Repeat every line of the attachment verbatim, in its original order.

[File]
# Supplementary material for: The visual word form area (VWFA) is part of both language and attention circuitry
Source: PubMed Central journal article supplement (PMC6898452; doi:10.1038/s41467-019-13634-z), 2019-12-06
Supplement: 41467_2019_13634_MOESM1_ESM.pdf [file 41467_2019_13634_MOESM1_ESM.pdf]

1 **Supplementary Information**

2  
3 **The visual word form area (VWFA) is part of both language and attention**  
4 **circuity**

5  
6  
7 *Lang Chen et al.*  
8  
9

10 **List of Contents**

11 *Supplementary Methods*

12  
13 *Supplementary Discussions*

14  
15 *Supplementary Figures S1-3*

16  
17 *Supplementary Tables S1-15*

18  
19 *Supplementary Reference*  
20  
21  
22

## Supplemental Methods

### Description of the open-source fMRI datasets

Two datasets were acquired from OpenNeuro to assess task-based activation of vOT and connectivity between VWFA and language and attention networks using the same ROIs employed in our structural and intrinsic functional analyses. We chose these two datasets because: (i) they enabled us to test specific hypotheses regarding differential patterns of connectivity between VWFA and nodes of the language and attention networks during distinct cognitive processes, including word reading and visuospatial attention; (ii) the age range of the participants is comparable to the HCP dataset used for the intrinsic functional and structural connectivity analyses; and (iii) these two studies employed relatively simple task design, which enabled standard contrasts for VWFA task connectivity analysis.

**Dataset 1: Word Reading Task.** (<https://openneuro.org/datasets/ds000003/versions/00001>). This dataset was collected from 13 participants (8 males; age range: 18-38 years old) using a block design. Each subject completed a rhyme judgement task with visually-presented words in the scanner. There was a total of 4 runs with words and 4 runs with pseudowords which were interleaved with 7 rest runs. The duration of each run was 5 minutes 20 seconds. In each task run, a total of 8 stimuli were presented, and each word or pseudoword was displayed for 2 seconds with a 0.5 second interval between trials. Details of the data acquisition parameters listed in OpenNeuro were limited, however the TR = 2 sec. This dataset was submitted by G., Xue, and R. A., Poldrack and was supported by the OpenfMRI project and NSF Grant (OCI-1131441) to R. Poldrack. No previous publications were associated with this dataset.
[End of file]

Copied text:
# Supplementary material for: The visual word form area (VWFA) is part of both language and attention circuitry
Source: PubMed Central journal article supplement (PMC6898452; doi:10.1038/s41467-019-13634-z), 2019-12-06
Supplement: 41467_2019_13634_MOESM1_ESM.pdf [file 41467_2019_13634_MOESM1_ESM.pdf]

1 **Supplementary Information**

2  
3 **The visual word form area (VWFA) is part of both language and attention**  
4 **circuity**

5  
6  
7 *Lang Chen et al.*  
8  
9

10 **List of Contents**

11 *Supplementary Methods*

12  
13 *Supplementary Discussions*

14  
15 *Supplementary Figures S1-3*

16  
17 *Supplementary Tables S1-15*

18  
19 *Supplementary Reference*  
20  
21  
22

## Supplemental Methods

### Description of the open-source fMRI datasets

Two datasets were acquired from OpenNeuro to assess task-based activation of vOT and connectivity between VWFA and language and attention networks using the same ROIs employed in our structural and intrinsic functional analyses. We chose these two datasets because: (i) they enabled us to test specific hypotheses regarding differential patterns of connectivity between VWFA and nodes of the language and attention networks during distinct cognitive processes, including word reading and visuospatial attention; (ii) the age range of the participants is comparable to the HCP dataset used for the intrinsic functional and structural connectivity analyses; and (iii) these two studies employed relatively simple task design, which enabled standard contrasts for VWFA task connectivity analysis.

**Dataset 1: Word Reading Task.** (<https://openneuro.org/datasets/ds000003/versions/00001>). This dataset was collected from 13 participants (8 males; age range: 18-38 years old) using a block design. Each subject completed a rhyme judgement task with visually-presented words in the scanner. There was a total of 4 runs with words and 4 runs with pseudowords which were interleaved with 7 rest runs. The duration of each run was 5 minutes 20 seconds. In each task run, a total of 8 stimuli were presented, and each word or pseudoword was displayed for 2 seconds with a 0.5 second interval between trials. Details of the data acquisition parameters listed in OpenNeuro were limited, however the TR = 2 sec. This dataset was submitted by G., Xue, and R. A., Poldrack and was supported by the OpenfMRI project and NSF Grant (OCI-1131441) to R. Poldrack. No previous publications were associated with this dataset.